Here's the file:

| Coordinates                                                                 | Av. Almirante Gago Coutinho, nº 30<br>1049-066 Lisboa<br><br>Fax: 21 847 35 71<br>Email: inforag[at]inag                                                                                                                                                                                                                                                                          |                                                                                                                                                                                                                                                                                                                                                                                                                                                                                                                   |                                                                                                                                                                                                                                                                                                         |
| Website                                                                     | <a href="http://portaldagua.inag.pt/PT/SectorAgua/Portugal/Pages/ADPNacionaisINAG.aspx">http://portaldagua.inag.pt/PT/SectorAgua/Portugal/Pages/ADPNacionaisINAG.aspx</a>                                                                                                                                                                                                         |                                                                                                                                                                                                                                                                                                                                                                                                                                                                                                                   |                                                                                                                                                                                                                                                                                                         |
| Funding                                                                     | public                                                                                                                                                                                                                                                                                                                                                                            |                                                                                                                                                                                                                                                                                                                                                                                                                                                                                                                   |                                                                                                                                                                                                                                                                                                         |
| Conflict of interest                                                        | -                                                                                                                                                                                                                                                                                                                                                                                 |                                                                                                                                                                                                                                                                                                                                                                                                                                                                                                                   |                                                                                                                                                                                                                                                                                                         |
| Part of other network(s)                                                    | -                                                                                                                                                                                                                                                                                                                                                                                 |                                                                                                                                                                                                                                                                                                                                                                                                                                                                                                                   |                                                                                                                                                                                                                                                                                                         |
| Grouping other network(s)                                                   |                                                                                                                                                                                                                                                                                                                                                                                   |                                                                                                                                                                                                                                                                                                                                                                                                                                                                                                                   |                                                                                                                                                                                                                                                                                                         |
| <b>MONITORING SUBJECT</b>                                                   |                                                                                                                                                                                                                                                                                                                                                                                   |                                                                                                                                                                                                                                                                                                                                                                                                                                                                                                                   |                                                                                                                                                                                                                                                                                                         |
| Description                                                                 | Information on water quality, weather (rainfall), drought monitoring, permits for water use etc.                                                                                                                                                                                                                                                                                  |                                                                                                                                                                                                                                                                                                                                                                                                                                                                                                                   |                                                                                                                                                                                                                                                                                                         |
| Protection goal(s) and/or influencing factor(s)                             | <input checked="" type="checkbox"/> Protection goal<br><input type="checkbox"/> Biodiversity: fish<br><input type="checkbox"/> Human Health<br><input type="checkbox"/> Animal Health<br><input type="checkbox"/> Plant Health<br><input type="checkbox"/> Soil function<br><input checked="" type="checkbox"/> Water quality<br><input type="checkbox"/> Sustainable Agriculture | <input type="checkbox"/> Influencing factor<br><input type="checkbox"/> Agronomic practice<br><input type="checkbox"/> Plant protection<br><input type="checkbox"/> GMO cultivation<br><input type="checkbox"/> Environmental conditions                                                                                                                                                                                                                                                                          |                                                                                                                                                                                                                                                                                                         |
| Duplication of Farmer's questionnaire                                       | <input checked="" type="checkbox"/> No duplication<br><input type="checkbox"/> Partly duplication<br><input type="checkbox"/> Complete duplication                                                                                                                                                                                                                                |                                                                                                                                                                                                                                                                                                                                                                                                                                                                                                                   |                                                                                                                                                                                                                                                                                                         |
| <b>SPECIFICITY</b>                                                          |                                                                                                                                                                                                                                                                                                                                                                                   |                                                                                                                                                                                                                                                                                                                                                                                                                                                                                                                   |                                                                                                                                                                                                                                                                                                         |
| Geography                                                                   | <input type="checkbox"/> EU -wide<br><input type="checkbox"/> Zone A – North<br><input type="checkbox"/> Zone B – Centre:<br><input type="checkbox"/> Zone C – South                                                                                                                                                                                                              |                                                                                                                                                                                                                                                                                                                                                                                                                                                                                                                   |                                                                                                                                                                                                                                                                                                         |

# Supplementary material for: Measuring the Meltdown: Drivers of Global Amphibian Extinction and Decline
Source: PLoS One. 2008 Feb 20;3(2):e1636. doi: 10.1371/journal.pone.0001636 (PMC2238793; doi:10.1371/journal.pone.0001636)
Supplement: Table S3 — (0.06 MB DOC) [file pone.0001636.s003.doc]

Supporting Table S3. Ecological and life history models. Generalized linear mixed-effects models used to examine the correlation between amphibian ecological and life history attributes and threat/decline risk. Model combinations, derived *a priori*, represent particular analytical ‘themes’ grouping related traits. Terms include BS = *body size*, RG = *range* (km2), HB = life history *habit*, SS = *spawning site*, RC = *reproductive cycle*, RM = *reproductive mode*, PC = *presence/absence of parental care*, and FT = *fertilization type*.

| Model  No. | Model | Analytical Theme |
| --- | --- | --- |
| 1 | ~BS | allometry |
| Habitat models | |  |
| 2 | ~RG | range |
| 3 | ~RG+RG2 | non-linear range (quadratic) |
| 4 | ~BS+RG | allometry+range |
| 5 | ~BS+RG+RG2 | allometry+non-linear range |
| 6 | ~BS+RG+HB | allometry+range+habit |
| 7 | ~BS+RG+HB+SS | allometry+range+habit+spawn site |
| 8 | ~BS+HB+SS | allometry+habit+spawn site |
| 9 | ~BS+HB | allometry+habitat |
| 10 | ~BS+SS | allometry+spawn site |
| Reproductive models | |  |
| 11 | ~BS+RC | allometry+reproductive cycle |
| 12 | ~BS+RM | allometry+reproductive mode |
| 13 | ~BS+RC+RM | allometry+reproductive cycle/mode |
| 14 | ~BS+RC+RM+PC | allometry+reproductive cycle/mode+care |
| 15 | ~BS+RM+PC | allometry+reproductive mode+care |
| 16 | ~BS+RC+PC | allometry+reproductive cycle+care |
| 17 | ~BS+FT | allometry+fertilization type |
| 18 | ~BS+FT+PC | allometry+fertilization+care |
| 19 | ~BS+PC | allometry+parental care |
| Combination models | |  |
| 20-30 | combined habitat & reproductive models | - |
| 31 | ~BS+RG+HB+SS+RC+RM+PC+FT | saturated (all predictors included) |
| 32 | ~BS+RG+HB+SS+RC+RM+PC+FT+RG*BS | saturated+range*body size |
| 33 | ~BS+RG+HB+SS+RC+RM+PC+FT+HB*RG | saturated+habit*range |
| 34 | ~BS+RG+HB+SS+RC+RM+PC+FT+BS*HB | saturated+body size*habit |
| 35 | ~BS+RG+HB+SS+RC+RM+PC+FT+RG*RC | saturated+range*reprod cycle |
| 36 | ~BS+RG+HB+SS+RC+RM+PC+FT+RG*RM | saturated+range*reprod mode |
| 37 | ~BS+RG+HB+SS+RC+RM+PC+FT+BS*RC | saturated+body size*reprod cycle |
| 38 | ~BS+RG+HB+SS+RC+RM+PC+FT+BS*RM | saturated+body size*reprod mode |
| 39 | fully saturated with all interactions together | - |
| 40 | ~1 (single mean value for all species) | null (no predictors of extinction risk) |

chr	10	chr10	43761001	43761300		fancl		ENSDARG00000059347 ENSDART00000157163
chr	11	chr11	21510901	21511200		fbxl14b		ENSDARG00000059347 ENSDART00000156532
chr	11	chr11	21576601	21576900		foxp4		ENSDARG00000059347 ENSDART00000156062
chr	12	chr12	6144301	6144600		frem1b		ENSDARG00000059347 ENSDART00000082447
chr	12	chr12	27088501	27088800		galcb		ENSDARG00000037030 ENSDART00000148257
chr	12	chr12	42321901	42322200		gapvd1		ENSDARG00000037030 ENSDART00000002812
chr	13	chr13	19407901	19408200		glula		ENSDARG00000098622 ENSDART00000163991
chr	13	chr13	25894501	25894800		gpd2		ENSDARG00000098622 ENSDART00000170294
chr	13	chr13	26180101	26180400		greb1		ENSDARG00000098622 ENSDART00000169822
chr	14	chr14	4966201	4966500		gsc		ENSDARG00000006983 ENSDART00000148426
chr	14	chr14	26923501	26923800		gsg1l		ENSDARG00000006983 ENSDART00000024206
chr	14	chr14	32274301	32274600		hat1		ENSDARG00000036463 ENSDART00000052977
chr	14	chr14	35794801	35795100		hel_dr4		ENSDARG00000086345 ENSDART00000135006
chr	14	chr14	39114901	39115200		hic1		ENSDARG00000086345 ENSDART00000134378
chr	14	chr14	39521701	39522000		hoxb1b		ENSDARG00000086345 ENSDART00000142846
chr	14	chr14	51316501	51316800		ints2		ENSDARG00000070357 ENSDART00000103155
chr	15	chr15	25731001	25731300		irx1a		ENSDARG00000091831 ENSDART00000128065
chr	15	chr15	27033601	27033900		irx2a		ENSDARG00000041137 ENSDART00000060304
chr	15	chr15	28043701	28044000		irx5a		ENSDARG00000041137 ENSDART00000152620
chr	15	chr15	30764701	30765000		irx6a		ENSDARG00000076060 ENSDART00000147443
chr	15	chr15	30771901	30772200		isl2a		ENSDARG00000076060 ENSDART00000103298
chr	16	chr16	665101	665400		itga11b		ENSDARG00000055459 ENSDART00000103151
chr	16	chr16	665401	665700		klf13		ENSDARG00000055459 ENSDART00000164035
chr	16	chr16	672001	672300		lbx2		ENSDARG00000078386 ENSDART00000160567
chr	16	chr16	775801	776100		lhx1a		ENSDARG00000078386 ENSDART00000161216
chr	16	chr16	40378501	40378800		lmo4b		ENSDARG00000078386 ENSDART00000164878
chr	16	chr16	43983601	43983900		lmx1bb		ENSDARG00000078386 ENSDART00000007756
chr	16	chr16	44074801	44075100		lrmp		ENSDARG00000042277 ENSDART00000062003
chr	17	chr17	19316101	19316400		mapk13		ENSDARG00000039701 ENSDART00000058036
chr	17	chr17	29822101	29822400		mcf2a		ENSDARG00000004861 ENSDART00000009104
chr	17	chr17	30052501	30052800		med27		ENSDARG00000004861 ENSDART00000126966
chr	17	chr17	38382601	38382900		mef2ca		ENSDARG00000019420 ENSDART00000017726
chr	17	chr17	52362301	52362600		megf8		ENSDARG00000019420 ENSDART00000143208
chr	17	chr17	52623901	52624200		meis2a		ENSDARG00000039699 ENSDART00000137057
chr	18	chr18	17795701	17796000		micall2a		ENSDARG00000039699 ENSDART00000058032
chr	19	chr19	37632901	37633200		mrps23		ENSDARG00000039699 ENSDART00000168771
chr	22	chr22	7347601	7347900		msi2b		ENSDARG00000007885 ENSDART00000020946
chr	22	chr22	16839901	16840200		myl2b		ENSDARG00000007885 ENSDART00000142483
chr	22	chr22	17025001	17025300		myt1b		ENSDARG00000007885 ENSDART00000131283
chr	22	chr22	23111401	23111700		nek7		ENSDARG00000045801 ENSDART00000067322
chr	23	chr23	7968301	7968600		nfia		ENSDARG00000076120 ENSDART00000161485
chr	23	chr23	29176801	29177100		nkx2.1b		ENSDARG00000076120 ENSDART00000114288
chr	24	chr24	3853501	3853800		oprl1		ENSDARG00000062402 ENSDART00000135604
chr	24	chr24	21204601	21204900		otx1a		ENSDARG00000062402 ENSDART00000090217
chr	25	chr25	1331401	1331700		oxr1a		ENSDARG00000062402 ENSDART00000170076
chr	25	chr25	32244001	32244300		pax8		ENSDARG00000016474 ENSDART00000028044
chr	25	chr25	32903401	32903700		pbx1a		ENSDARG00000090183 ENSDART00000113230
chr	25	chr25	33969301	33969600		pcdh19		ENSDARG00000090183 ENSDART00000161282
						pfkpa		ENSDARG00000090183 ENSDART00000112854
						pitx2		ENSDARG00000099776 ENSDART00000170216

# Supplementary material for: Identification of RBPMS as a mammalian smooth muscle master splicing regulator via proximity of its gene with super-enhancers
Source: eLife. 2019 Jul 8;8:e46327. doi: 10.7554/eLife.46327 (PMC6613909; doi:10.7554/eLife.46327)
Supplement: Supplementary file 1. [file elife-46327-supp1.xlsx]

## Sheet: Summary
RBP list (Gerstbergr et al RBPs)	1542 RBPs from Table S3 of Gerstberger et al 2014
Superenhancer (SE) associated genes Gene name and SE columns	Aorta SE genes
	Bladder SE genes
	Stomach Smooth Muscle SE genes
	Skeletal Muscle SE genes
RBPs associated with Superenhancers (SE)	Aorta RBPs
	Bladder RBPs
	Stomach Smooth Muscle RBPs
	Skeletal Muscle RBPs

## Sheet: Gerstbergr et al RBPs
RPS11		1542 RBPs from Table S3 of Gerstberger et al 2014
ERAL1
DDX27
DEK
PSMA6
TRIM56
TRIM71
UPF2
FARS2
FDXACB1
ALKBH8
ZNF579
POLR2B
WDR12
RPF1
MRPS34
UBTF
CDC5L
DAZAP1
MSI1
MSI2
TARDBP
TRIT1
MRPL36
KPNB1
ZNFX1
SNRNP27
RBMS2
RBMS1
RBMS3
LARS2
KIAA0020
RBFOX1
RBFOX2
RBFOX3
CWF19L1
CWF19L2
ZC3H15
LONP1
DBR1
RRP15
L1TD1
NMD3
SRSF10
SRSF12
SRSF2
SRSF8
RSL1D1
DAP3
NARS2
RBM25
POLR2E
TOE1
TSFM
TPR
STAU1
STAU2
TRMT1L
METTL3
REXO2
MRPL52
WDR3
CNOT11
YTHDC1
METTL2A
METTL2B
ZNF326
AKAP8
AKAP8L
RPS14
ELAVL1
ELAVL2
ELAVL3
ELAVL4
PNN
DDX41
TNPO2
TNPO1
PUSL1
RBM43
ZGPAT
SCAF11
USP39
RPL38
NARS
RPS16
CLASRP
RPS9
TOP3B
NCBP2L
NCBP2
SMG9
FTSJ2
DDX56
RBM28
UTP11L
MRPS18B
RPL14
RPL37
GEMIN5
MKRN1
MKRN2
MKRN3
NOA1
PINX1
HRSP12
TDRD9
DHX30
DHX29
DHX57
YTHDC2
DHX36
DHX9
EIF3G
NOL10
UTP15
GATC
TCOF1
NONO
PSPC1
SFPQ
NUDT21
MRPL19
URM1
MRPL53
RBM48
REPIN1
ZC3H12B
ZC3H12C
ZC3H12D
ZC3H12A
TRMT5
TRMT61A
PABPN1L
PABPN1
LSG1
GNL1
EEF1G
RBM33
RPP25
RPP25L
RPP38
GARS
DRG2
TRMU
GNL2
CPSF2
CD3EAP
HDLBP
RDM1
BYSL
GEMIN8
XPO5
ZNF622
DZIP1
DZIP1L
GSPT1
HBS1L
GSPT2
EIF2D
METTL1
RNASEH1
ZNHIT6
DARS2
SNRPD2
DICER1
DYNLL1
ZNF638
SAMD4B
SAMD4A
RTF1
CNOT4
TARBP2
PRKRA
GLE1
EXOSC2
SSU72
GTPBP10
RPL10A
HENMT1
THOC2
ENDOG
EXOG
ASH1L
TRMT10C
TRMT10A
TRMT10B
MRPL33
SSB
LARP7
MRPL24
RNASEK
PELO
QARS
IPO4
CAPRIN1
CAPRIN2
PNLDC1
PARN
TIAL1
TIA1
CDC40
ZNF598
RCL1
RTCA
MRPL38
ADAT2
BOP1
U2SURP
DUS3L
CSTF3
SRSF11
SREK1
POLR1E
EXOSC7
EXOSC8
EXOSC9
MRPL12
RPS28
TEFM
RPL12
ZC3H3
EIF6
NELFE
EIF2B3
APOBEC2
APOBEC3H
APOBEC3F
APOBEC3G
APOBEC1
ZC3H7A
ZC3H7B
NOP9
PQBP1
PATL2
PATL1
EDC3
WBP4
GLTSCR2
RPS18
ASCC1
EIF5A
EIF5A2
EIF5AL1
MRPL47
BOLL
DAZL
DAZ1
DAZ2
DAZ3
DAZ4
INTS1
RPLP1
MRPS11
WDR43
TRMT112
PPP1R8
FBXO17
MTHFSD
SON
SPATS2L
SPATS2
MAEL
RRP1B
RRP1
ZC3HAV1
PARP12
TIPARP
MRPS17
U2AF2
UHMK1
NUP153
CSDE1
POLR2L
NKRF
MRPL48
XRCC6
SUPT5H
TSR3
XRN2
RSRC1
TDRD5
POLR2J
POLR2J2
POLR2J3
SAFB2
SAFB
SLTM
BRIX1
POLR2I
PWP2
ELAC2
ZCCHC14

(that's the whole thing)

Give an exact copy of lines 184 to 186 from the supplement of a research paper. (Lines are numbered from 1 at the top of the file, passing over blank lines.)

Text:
AKAP8L
RPS14
ELAVL1